How Does Dr Bledsoe Use Power In Invisible Man

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Within Ralph Ellison’s novel, Invisible Man, Dr. Bledsoe manipulates others benefit himself. The novel morally criticizes Bledsoe for his exploitation of fellow blacks and whites in his quest for power and demonstrating the danger of invisibility. Dr. Bledsoe’s need of power manifests in his control of the black college, utilizing his position to give him a high standing, manipulating blacks and whites to keep his reputation pristine. His manipulative tactics to keep power reveal themselves through the masquerades he performs to appease the white’s sense of racial status. In front of the white trustees he takes on the facade of a humble individual, wearing plain clothes, acting the black stereotype: intelligent, but a little foolish. These acts of submission deceive the white founders into believing they control the college while in reality Bledsoe pulls all the strings. Additionally Bledsoe manipulates the black students of the college, using his high standing to make them submit. He utilizes this technique on the narrator when he expels him from the college with the promise of reentry after working in New York, giving his seven letters to get him a job. However, these letters are a decoy to efficiently move the narrator out of Bledsoe’s way. Dr. Bledsoe’s need for power and control and his manipulation illustrate his …show more content…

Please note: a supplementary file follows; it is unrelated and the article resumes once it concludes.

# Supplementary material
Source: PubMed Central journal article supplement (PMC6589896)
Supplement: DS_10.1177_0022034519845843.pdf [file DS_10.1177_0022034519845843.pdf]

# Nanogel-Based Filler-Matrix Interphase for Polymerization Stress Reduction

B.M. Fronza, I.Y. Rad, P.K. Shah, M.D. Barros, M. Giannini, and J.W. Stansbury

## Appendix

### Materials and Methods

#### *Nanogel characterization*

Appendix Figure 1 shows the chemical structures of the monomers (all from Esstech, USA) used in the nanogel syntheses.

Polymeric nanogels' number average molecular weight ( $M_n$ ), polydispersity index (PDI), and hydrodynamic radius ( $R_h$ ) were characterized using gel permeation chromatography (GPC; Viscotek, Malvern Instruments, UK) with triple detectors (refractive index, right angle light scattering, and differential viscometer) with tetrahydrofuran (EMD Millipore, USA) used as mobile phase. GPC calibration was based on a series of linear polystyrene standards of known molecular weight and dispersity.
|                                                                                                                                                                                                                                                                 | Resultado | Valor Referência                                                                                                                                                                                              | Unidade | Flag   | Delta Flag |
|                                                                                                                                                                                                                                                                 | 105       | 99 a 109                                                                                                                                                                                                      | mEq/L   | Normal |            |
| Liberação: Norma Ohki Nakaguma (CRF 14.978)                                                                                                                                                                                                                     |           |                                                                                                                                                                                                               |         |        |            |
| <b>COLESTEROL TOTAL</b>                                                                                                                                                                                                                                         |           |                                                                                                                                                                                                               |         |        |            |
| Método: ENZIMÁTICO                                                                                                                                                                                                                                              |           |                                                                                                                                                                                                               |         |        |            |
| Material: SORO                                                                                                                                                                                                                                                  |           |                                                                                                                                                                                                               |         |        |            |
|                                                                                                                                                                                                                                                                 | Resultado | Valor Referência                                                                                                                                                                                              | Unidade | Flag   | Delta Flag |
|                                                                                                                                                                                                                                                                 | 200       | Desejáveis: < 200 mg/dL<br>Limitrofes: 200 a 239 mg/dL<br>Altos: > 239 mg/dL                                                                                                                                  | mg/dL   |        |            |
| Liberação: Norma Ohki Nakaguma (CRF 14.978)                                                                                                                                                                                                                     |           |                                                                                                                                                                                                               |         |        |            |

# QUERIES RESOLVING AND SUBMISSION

Bledsoe. Since Bledsoe is a colored man he holds the guise of invisibility, giving him leeway to control the college. The whites see Bledsoe as less intelligent, indirectly giving him the tools he needs to manipulate them through a fake demeanor. His invisibility additionally shields him from suspicion due to racist assumptions that a black man could not commit deceptive actions. Ellison furthermore uses Bledsoe to unveil the message of how invisibility creates dangerous individuals: criticizing Bledsoe’s perception of humans as tools and his ability to escape his crimes in the

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